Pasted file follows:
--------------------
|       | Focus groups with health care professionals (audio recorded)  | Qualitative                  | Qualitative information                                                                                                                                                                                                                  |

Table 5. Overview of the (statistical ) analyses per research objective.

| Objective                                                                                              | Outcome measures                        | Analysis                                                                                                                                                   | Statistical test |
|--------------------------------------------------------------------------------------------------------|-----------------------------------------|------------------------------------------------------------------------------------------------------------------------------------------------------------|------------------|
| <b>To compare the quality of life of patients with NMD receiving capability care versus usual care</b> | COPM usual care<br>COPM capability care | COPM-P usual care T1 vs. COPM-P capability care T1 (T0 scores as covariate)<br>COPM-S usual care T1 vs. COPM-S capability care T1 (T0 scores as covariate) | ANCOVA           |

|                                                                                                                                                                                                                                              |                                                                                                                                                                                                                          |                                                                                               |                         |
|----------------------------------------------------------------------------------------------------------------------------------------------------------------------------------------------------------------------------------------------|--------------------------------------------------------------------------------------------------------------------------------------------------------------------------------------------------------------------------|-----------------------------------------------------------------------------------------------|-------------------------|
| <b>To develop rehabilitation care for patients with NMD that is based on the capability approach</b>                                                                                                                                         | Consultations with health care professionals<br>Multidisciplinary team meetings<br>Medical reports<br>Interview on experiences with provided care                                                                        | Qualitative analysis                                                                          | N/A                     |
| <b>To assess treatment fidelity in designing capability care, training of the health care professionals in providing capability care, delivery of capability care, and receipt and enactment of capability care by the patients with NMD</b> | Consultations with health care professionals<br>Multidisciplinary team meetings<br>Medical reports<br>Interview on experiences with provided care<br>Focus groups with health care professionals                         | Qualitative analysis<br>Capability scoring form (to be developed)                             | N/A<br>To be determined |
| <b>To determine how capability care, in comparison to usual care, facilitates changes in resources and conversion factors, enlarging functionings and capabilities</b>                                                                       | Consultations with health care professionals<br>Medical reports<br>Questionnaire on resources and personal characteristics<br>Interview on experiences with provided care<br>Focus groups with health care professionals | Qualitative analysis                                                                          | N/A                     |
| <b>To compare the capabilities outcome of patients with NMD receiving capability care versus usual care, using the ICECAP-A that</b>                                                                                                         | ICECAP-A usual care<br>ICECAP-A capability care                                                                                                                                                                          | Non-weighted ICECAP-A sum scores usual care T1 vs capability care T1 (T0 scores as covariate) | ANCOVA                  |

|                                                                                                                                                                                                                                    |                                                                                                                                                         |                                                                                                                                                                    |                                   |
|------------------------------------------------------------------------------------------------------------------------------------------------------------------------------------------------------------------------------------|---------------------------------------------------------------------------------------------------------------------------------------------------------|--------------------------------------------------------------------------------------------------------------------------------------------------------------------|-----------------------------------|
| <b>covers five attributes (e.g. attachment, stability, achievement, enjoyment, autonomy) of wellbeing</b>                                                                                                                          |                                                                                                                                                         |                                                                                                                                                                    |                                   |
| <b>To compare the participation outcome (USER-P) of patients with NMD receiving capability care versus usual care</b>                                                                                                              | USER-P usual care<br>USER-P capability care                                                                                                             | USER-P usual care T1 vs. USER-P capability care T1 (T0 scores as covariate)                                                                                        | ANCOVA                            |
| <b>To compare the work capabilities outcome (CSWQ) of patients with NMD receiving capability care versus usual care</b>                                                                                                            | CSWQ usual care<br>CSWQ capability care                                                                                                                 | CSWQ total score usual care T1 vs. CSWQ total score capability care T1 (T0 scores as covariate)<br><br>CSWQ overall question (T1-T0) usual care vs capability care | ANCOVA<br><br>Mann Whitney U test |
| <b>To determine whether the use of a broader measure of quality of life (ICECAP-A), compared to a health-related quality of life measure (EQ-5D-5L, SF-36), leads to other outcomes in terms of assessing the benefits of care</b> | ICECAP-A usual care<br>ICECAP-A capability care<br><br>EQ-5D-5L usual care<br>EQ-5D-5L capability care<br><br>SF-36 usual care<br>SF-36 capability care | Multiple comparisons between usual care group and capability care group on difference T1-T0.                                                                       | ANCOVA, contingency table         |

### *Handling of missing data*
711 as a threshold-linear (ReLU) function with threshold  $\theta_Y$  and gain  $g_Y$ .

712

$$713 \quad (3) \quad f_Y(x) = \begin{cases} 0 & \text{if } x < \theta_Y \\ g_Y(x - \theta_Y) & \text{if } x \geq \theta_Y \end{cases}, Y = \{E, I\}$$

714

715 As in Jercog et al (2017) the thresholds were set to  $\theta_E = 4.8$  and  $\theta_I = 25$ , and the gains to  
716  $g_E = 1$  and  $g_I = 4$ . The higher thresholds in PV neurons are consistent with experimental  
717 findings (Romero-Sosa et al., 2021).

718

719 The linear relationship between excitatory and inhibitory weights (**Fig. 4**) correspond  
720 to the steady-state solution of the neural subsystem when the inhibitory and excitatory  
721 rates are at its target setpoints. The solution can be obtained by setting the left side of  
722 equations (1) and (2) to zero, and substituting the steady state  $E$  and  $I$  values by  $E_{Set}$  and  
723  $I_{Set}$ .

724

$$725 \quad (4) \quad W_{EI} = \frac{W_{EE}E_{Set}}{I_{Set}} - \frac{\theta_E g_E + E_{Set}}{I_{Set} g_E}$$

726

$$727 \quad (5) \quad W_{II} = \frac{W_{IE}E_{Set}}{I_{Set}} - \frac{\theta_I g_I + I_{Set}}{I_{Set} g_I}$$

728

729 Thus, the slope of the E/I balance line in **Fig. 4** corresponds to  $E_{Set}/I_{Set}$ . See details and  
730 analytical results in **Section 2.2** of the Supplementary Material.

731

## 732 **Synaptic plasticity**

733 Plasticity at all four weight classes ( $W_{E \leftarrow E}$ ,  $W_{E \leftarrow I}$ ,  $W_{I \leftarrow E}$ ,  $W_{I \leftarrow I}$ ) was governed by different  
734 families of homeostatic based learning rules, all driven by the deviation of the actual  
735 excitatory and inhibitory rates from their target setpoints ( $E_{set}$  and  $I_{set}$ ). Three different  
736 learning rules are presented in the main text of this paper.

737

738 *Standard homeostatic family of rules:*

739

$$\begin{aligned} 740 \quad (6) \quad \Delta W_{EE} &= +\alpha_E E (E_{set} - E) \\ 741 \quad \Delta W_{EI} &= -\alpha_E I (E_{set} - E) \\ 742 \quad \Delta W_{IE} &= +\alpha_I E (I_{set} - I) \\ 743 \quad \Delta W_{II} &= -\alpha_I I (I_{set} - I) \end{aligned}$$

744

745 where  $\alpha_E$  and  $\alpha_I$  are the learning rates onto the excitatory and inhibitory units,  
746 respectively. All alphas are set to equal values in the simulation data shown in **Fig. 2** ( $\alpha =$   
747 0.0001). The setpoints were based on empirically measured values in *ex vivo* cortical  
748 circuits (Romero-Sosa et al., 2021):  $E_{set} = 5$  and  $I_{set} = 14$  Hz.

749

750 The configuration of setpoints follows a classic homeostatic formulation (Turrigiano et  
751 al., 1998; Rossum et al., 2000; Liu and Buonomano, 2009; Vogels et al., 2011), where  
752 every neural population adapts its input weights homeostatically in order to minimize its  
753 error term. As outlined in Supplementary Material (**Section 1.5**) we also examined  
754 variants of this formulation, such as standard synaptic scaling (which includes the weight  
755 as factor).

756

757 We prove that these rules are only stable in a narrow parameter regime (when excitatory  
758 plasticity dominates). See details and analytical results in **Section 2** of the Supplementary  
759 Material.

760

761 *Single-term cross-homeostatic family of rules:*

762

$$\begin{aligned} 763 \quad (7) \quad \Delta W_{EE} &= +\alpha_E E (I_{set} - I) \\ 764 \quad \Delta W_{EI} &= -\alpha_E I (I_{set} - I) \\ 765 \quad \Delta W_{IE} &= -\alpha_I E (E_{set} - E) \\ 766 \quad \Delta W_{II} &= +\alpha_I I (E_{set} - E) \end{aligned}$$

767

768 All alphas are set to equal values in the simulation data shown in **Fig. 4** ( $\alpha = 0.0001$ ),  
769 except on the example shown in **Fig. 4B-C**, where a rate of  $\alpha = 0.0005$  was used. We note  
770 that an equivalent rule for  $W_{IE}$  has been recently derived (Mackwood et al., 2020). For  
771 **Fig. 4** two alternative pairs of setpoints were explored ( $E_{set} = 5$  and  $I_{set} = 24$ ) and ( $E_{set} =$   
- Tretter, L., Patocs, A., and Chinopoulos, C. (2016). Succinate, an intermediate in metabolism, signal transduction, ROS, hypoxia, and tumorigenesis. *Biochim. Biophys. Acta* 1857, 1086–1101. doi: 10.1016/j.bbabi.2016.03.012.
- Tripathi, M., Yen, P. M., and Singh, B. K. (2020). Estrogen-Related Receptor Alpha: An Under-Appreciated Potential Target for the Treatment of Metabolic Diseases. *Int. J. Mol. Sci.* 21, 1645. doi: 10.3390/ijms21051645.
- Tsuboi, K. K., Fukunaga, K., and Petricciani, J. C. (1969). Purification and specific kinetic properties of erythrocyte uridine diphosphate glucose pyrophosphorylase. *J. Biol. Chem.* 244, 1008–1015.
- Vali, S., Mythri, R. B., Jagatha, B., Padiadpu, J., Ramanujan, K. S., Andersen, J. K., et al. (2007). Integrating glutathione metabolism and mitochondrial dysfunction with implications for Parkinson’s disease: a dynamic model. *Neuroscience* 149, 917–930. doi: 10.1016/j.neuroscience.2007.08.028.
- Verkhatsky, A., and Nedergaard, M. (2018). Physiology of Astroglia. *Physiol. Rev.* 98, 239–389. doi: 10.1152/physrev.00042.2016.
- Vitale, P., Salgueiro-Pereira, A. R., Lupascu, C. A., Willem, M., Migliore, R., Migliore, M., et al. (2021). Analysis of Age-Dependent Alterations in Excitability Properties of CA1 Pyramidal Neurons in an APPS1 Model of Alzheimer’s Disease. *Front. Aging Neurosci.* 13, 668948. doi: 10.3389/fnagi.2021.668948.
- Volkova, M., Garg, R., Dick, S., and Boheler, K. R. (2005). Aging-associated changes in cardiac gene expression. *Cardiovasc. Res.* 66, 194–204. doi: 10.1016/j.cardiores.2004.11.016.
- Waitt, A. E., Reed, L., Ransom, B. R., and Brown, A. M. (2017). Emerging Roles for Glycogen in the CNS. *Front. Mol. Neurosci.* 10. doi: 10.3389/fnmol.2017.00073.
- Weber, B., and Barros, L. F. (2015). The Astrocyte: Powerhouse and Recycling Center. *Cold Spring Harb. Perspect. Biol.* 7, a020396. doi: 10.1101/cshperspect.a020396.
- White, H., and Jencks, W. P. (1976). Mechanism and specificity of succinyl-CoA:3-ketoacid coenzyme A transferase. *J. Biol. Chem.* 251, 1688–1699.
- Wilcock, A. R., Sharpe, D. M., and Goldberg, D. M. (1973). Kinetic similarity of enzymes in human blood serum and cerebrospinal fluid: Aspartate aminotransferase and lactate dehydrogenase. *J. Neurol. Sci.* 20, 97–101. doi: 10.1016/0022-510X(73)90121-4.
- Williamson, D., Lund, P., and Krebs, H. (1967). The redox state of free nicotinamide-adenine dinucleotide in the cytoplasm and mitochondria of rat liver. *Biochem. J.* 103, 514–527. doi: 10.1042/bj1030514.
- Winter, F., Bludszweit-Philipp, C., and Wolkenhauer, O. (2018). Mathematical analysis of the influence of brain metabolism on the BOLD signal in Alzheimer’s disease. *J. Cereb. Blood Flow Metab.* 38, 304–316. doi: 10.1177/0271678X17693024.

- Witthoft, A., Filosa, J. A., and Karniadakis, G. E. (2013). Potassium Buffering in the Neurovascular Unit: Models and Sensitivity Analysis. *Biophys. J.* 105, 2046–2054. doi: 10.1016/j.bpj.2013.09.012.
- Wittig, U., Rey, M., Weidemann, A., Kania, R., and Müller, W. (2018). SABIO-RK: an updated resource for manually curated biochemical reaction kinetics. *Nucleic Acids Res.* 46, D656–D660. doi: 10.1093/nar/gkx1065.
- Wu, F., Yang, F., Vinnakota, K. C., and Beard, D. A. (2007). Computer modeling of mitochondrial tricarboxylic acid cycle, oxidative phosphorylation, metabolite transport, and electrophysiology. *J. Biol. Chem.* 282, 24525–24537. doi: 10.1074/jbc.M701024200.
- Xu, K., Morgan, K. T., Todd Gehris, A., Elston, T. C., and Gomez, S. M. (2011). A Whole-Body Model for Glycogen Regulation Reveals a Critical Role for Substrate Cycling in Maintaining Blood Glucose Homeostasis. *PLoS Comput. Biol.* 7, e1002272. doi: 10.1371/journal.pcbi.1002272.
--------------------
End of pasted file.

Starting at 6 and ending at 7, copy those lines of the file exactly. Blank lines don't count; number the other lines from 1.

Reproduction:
|                                                                                                                                                                                                                                              |                                                                                                                                                                                                                          |                                                                                               |                         |
|----------------------------------------------------------------------------------------------------------------------------------------------------------------------------------------------------------------------------------------------|--------------------------------------------------------------------------------------------------------------------------------------------------------------------------------------------------------------------------|-----------------------------------------------------------------------------------------------|-------------------------|